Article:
You know the end of summer is drawing near when you see a glut of tomatoes on the market at knock-down prices. You’ll also know summer in Malta is nigh when you are woken by the sound of…
Live anywhere in the southern Mediterranean where houses have flat roofs and you’ll know all about waterproofing and the roar of burners sealing the roofing felt with tar. The sound is like a small hot air balloon taking off. Spurts of burning gas followed by a few seconds silence. A week back, on 15th August, the mother of all (literally in the case of St Mary) public holidays and feast days in Malta was the first outing of the burners among my neighbours. Up early to avoid the still searing heat, locals are busy clearing roof debris, unblocking drainpipes and sealing up cracks. Right on cue, Santa Marija, notorious for heralding a change in the weather, saw some towering clouds sidle by over the horizon. No rain yet, but any day now Malta can expect not just any old rain but a massive deluge and flash floods that see water spout out of manholes. The valley between my village and next is a particularly notorious danger spot that has taken lives in the past. EU funds are helping build flood relief systems there. Malta is an all or nothing place; drought or flood. Drizzle isn’t in the vocabulary here.
After the rain come bluer skies, cleaner air, though often worse humidity and battered tomatoes. Which is why farmers are busy gathering in as much of the tomato crop as possible and selling it off cheaply. It’s my cue this year to make the most of the glut, preserving while they’re as low as 50c a kilo (cherry tomatoes can be three times as much though so plain regular plums will do for preserves). I’ve been meaning to do this for many seasons but end up not mustering the energy in the heat to batch bottle tomatoes as sauce, chutney, peeled toms, or whatever. Humidity put paid to making sun-dried tomatoes with much success.
Many summers ago when I au paired in Abruzzo-Molise in Italy, I was roped into helping the nonna and great aunts bottle tomatoes. We spent three days bottling. I just couldn’t see the point then, aged 22, when supermarket cans of toms are so ridiculously cheap. Now, I yearn to make homemade preserves, perhaps for the nostalgia of childhood and as a way of clinging on to some connection with food at its source. Living in the southern Mediterranean, it would be a crime not to use fresh tomatoes whose flavour and colour outstrip any factory bottled or canned ones.
My father is past master of preserving and I admired his bottled tomatoes last autumn; sealed, neatly labeled and ready to use all winter long in casseroles and soups. If he can make batches of preserves (at his age), then surely I can manage a little tomato passata, aka ketchup, myself? Dad grew up in wartime on kitchen garden crops made into economical preserves to live of in lean winter months. His Seville marmalade is a wonder to behold and something I think I’ve come close to equaling.
Now though, with autumn on the calender if not in the air as a Maltese summer lasts til end October or later, I am dusting off the preserving pan ready to make batch two of this deep, rich, slightly spicy, full-on tomato sauce. Mine is of a mid-thick consistency which I can swirl on pizza bases, use a dipping sauce and it’s firm enough to be a ketchup too. When it comes to spices and herbs, I put fennel seed and mace, along with a dose of Balsamic vinegar, but feel free to experiment – cumin, coriander, chopped fresh basil, rosemary et al do nicely. I’ll be adding basil to the next lot and using a different vinegar too. Quantities are approximate. Taste as you go along and simply cook down to the thickness you require.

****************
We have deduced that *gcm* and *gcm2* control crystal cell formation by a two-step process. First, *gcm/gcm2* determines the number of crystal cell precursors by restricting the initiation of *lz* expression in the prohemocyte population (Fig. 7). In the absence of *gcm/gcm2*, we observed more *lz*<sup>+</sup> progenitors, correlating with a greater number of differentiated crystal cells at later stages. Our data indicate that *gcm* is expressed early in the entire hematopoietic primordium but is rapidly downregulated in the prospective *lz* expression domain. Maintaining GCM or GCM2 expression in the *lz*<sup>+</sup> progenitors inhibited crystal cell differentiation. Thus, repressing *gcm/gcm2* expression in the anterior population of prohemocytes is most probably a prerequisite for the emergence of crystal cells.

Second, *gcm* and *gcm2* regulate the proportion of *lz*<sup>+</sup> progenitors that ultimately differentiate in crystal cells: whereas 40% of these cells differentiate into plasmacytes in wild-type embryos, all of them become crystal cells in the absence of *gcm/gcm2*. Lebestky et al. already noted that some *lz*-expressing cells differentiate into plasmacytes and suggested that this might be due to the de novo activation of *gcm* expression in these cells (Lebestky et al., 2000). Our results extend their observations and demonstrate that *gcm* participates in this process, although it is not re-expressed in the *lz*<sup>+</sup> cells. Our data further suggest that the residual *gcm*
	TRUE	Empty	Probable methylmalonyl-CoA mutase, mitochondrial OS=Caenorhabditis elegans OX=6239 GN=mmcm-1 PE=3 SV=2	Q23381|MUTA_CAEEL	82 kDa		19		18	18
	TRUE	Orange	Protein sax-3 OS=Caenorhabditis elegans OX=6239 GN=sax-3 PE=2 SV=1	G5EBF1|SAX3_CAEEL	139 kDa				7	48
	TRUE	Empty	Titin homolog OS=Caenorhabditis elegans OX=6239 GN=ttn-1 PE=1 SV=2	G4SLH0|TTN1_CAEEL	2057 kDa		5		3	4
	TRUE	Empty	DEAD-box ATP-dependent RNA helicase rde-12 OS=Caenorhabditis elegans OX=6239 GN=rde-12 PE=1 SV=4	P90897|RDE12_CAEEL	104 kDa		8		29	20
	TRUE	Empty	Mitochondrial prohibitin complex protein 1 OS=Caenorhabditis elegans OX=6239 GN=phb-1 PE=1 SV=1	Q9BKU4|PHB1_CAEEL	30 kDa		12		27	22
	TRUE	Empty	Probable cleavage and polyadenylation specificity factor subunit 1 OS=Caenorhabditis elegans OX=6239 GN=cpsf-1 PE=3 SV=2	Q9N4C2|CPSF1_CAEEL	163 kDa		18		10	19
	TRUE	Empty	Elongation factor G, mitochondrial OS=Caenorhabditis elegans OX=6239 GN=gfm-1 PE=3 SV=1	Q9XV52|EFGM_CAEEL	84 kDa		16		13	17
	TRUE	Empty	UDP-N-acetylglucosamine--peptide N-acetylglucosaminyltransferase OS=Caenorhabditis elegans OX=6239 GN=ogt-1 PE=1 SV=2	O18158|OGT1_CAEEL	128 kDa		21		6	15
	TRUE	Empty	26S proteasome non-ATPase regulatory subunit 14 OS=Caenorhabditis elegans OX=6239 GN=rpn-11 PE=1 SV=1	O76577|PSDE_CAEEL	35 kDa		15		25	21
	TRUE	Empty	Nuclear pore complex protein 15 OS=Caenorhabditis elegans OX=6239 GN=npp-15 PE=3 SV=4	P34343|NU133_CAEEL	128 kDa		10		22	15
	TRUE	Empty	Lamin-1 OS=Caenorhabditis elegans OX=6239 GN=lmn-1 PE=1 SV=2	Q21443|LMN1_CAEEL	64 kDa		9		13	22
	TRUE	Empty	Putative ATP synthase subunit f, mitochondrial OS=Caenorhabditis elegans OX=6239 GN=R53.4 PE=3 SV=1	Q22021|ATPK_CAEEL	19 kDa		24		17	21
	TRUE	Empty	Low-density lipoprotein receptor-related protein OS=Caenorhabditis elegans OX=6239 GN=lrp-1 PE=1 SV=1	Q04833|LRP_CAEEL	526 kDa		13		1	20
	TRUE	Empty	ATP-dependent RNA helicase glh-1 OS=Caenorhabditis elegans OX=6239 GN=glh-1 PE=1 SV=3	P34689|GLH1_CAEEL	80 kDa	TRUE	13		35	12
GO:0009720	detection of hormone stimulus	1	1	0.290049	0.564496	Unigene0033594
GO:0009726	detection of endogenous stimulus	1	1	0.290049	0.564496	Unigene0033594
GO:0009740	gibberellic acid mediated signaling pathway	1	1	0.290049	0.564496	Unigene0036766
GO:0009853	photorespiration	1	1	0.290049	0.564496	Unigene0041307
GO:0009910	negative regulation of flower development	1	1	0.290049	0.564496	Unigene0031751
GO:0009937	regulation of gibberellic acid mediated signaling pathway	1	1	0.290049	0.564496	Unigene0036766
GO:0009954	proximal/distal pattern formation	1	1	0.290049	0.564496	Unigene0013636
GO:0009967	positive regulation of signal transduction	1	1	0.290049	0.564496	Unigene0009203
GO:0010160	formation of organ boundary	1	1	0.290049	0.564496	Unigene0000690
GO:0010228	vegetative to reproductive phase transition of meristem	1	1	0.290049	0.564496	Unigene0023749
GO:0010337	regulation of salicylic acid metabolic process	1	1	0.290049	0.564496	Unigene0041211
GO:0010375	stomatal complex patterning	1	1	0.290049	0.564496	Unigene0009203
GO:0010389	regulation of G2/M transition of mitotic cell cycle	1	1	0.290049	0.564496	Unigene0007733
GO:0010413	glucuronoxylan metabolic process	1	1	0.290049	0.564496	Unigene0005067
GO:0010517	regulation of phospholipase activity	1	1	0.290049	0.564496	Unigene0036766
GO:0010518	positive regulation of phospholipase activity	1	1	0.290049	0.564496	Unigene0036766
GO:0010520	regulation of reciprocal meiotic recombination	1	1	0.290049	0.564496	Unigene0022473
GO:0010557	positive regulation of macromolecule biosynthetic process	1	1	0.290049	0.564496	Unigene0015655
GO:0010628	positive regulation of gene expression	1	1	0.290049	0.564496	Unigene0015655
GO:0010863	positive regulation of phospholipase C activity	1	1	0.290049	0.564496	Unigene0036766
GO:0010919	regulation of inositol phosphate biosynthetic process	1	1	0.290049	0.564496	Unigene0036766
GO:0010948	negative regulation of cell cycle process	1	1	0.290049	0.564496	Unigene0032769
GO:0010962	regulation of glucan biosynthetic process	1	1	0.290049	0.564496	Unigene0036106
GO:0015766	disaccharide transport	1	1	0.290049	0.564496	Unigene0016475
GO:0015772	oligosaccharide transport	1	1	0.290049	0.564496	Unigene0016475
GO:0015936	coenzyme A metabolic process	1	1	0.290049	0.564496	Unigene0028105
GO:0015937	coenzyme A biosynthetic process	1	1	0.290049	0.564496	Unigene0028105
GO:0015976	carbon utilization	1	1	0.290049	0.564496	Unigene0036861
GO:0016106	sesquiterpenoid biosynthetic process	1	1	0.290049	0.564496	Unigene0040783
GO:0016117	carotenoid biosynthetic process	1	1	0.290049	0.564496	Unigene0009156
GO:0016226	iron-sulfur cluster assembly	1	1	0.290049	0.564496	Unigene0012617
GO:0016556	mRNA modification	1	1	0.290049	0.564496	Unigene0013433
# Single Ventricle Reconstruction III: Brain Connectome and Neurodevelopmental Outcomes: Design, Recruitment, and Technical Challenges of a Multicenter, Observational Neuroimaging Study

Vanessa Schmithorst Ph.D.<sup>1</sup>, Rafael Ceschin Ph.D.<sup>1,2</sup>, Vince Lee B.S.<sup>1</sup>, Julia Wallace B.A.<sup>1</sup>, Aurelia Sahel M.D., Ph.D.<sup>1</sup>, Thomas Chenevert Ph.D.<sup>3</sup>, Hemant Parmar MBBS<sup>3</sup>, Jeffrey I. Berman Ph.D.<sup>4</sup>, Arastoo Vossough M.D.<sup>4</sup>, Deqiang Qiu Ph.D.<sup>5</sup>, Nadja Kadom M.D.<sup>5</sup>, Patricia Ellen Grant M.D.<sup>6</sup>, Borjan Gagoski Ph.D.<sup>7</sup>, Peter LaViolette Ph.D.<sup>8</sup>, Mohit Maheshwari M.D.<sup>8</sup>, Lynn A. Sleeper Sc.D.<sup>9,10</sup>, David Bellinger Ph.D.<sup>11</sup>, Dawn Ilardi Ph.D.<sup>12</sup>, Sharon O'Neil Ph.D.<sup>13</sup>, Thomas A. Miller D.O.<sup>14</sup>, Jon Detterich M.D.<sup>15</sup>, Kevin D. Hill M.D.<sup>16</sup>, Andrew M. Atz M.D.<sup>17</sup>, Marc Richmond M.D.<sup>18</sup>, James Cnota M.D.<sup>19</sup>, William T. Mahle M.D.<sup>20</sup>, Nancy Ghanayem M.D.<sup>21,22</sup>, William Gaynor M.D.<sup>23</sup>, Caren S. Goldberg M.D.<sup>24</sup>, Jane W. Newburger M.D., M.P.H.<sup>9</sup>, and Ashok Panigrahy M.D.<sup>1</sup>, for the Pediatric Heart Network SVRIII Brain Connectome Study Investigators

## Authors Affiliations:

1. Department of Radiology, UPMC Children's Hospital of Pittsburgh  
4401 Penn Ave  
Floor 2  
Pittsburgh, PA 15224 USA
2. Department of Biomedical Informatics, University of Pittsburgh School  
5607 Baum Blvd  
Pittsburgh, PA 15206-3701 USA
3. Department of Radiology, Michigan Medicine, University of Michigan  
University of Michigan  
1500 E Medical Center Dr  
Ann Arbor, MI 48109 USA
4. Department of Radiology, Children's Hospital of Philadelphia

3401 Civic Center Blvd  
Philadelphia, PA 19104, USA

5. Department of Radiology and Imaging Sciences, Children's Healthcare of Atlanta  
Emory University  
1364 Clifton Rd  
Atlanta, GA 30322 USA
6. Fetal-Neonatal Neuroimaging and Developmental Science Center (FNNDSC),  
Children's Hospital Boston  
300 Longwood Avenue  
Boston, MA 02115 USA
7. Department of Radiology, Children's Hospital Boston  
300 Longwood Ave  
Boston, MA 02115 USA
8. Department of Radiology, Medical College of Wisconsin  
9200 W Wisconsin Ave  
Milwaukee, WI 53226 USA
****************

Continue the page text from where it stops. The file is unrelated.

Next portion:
I do think making homemade passata is worth the effort once a year. It’s the only way my son eats tomatoes too and despite the spice and fennel in it, he said it was as good as bought! Praise indeed from a man who won’t eat fresh tomatoes and who can sniff out fennel at a 1mm squared taste. Why the fennel? It’s in abundance now, forming hedgerows along most of the country lanes. My car gets scratched up by woody, wild stems flopping kerbside. It’s a natural flavour ally of the tomato, I think. But leave it out or add a woody herb that’s going to seed where you live.
All images © Liz Ayling 2013
- 3kg fresh tomatoes (ideally plum)
- 400gm red onions
- 4 plump garlic cloves
- 3 red or orange bell peppers (or one large red pepper)
- 3 tbsps light muscovado sugar
- 3 tsp salt
- freshly-milled black pepper
- 1 level tbsp ground mace
- 1 level tbsp crushed fennel seeds
- 200ml red wine vinegar (use other vinegars to replace both the red and balsamic if you like)
- 50ml balsamic vinegar
- Chop the tomatoes into rough cubes, dice up peppers (de-seeded), and peel and dice onions and garlic and place all the vegetables in a large, deep-sided, wide, thick-based saucepan with a lid.
- Heat and cook for around 15 minutes, lid on, over a medium heat until the tomatoes are partly cooked down and the onion starts to soften.
- Add all the other ingredients, bring the mixture to nearly boiling point then reduce the heat and simmer gently for around an hour, stirring occasionally to ensure it doesn’t stick. Check for liquid and if you see the mixture drying out too much add a little water.
- Turn off the heat, remove lid and leave to cool for around 15 minutes. Then, in batches, blitz the tomato mixture up in a blender / liquidiser.
- At this point, the sauce is very fine but to remove lingering tomato seeds and skin sieve through a fine sieve or mouli up.
- Return the sauce to a cleaned pan and reduce over a medium heat, stirring occasionally, keeping the lid off, until the sauce is reduced to your desired consistency. Around 10-15 mins for a medium-thick sauce.
- When ready, pour into sterilised jars and seal immediately. Tighten lids after half an hour when the sauce cools down. The lids usually dimple in when the seal is formed.